Half guard passes
I've been working on my half guard top game a bit lately, and I've found these two videos pretty helpful. Sure they're in Japanese, but it really doesn't matter.
The first one comes from the Kosen set, I believe. It contains only passes. Note the "lockdown" passes at the end.
YouTube- JUDO - Niju garami (halfguard) pass
The second one is Kashiwazaki and it contains passes and few subs.
YouTube- Judo - Hairi Kata (sweep) - Kashiwazaki
The one you posted is all sweeps, I believe this is the one you wanted:
Originally Posted by Res Judicata
YouTube- Judo - niju garami (halfguard) pass - Kashiwazaki
The one he shows starting at about 8:00 is money, I've used it with a lot of success sparring in BJJ.
I use the same one extensively in Judo, and teach it to my students. I've used something similar in BJJ practice as well. I love the keylock tiedown, and use it in many scenarios.
And please realize the term "hairi kata" doesn't refer to sweeps (harai). Hairi kata are entry methods for throws or ne waza. Not sure if the person who labeled them "hairi kata" was thinking of "harai kata", which is not a term I have ever heard used by Japanese judoka to describe what are called "sweeps" in BJJ.
Those niju garami passes (or Relson style passes cause that's where I learned it) are some of my main passes that have worked on people from spazzy whites to black belts. If the guy is focused on getting on his elbow and stiff arming you away that first method of gripping the belt and moving up high is a great counter. If they're a sneaky hip movement guard guy, you should try bringing your hips lower over their hips and keeping tight on them. This style has helped me a lot.
Thanks for posting the correct video.
I'm now hitting that tie-off/ude garami pass all over the place in both Judo and BJJ. My Judo instructor has taught it -- I think he learned it from Kashiwazaki, actually -- so the experienced Judo guys know what's coming when I get the initial grip. But my BJJ instructor has yet to teach it and I don't think he does normally. Confusion sometimes ensues -- people fight off the arm under the head and think they've "won". Wrong.
Ben is of course right about "hairi kata". "Hairu" (入る) means "to enter". For example, ofuro ni hairu (お風呂に入る) means to "enter the bathtub ((o)furo)" i.e. to take a bath. Hairi kata are therefore entering techniques, or perhaps entries. I think the term is used for any entry technique, including turtle turnovers.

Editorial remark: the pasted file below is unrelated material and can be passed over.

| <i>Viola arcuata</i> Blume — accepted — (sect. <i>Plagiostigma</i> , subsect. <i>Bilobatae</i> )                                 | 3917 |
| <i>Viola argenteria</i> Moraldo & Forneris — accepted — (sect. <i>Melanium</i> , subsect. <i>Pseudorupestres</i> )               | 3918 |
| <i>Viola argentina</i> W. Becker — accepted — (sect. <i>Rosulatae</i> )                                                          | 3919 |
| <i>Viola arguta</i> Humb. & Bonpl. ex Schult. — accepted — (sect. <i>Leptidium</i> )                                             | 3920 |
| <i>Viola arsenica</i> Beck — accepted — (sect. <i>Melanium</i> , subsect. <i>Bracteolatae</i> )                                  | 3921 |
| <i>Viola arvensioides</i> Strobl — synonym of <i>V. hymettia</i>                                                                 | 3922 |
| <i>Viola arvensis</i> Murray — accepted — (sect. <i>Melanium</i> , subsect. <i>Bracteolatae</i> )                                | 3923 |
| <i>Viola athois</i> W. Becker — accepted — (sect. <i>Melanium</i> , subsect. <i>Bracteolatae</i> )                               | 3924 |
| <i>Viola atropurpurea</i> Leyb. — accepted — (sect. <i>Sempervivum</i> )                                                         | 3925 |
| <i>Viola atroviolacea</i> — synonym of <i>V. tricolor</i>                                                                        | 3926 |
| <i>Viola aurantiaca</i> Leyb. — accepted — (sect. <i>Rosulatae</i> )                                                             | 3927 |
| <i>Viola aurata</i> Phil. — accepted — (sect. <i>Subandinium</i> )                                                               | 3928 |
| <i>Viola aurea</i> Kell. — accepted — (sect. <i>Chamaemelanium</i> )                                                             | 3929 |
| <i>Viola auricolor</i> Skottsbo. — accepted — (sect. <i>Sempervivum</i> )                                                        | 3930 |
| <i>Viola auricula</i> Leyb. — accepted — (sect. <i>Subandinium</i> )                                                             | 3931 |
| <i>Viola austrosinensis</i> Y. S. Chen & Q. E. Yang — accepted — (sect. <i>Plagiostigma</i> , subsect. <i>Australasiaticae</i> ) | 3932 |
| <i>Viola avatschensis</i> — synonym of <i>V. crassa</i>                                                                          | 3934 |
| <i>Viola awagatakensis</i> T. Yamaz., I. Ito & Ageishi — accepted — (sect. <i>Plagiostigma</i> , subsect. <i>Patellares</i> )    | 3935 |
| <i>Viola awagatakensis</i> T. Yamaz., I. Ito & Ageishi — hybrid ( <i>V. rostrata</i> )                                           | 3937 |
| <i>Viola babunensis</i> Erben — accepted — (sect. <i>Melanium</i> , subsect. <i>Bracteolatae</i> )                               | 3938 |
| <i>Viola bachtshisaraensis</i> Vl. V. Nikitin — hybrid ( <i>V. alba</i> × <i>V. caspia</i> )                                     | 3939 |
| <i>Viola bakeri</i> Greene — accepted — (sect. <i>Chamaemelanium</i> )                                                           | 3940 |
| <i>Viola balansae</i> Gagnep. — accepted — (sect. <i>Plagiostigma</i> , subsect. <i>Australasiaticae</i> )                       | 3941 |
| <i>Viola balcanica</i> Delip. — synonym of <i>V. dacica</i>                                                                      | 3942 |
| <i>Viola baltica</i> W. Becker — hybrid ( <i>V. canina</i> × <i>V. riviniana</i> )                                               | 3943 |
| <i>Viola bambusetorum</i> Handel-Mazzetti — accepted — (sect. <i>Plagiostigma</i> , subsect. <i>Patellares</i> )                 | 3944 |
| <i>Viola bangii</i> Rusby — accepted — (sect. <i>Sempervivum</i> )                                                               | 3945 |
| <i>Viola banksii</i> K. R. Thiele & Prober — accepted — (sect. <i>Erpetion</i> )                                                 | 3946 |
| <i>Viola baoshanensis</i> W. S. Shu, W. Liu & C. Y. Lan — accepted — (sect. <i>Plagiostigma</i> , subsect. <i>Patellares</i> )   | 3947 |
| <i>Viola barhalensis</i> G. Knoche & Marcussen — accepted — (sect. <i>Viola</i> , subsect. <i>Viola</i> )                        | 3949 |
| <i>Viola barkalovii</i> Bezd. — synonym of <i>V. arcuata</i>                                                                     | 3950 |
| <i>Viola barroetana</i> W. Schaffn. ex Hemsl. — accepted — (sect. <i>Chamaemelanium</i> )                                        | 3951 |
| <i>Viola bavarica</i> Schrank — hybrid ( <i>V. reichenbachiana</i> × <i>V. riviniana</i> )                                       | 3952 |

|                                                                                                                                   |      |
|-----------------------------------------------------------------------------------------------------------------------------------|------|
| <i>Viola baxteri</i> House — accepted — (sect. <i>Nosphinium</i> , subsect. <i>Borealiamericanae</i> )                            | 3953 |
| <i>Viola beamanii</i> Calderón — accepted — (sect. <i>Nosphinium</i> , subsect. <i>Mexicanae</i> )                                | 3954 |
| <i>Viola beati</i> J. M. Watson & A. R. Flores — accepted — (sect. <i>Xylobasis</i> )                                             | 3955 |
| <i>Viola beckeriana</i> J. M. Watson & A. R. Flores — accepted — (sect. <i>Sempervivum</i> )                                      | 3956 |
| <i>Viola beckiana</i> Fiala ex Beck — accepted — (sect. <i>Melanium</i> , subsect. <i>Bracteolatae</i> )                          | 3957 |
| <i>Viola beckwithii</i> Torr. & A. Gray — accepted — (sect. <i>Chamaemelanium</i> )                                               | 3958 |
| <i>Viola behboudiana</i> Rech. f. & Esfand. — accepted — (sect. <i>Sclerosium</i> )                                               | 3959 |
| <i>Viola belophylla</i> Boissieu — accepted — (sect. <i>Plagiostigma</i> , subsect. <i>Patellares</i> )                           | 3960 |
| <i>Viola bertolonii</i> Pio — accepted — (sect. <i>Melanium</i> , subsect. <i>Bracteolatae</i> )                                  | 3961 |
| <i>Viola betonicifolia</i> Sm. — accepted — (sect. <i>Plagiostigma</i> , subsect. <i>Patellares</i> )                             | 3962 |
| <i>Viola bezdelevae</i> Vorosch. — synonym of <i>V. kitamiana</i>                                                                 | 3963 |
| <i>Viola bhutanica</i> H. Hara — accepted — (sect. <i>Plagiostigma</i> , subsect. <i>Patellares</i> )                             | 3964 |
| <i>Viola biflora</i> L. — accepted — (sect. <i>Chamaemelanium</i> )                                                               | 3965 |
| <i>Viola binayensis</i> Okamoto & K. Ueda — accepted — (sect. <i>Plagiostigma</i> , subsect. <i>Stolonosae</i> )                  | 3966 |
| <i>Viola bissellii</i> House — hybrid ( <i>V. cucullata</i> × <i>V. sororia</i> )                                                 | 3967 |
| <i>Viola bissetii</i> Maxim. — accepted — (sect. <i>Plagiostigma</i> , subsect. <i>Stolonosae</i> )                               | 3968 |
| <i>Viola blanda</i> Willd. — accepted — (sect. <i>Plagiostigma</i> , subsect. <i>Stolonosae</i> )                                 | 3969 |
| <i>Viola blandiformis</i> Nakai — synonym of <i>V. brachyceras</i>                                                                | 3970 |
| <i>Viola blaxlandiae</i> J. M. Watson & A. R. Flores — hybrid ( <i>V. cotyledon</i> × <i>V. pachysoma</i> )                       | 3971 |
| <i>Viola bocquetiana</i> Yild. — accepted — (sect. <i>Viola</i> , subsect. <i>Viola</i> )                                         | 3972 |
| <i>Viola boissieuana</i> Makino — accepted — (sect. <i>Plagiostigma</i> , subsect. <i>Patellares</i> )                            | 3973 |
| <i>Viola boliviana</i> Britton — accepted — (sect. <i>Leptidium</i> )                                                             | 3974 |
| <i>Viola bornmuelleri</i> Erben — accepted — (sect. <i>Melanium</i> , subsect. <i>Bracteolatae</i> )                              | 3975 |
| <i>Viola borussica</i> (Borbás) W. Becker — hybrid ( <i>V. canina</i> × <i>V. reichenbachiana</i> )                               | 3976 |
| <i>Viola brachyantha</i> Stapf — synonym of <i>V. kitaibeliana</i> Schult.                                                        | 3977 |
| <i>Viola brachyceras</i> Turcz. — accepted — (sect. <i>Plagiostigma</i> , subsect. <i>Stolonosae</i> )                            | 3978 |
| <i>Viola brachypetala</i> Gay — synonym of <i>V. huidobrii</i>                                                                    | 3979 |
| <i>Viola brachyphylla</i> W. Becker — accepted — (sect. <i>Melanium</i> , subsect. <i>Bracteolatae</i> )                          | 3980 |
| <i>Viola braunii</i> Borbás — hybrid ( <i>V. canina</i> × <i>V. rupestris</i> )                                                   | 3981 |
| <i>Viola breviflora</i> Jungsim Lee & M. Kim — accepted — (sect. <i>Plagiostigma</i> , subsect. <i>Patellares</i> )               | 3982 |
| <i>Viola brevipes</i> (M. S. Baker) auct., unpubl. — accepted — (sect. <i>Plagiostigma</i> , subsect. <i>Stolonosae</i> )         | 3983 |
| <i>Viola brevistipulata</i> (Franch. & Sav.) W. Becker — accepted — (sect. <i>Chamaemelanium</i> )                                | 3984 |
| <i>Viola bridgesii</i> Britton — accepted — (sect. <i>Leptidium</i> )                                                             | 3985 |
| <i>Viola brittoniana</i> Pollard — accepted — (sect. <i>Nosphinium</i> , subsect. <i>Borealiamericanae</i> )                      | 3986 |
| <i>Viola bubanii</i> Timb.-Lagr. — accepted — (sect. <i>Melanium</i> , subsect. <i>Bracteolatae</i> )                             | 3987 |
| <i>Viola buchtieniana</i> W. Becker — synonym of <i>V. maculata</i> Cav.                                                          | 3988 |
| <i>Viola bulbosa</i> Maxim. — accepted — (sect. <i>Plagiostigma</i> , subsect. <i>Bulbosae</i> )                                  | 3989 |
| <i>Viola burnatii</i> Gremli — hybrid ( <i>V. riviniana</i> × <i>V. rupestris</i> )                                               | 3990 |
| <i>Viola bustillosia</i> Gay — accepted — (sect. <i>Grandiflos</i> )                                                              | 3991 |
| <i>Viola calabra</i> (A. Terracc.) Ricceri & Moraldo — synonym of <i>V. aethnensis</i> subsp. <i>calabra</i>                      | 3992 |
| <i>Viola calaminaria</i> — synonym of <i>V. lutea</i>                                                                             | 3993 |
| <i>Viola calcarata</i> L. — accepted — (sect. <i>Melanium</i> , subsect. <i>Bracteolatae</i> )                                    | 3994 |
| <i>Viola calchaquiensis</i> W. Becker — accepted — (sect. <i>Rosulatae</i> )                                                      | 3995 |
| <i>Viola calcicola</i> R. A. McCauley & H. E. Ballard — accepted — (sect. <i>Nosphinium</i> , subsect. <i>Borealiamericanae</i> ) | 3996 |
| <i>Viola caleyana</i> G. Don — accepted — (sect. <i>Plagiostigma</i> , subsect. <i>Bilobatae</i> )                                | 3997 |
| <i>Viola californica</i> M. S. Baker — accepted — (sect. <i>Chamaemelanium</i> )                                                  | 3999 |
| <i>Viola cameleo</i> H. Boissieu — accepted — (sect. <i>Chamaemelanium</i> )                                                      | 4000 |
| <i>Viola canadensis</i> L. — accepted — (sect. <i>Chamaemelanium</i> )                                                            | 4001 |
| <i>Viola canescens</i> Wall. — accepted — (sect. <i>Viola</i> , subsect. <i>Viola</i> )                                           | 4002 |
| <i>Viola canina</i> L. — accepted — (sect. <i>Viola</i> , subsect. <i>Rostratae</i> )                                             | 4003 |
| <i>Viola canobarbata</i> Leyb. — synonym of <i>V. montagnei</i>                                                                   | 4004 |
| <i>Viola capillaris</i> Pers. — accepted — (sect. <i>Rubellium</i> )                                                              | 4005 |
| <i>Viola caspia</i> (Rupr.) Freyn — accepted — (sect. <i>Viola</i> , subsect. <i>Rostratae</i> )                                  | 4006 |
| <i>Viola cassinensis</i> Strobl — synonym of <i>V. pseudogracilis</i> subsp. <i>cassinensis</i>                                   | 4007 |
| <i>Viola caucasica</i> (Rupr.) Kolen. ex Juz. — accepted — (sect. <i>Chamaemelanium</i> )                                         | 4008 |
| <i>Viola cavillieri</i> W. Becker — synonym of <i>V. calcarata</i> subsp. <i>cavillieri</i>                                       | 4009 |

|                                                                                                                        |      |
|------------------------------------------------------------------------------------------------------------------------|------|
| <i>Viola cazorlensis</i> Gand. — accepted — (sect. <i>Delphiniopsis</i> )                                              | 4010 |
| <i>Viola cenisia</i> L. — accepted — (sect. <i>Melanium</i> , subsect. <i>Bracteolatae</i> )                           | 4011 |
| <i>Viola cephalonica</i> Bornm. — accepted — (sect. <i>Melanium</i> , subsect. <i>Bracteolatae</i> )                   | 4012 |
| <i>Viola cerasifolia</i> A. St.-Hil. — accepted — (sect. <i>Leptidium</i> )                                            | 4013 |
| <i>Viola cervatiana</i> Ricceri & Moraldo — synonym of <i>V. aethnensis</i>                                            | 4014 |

Thanks for the details on the Japanese translation.
Originally Posted by Res Judicata
I've heard hairi kata used mostly for throwing, but I don't see why it won't work for katame waza as well.
This kind of highlights the difference between BJJ and Judo in naming things. Very few of the guard passes, turtle turnovers, etc., in Judo have names, unlike in BJJ, where many of them,especially the more common ones, seem to have widely understood names.
One of the things that BJJ has given Judo is a decent vernacular for things like that (Eddie Bravo aside, because what the ****).
I agree. One thing that has been frustrating for me teaching Judo is the lack of standardized vocabulary for ne waza. Students do get frustrated in trying to remember things for testing purposes. It may be an western mind thing that needs to categorize and have names? Or maybe the intuitive/immersion method of learning in Japanese martial arts, at least.
Originally Posted by Lu Tze
I started BJJ, and found names for all the sweeps/reversals I'd been doing for years.
I agree to, don't let CK or Hanon know but I actually use some BJJ terminology in my teaching - guard, half guard, guard sweeps etc...
Originally Posted by BKR
I had a particularly silly conversation with another JF member where he refused to accept the need to actually give these techniques and situations names.
As you say students need some additionaly memory tools beyond just watching the technique, especially as I teach mostly late teen and adult beginners they need names much more than kids to anchor techniques and lessons etc...
It just makes newaza teaching simpler.
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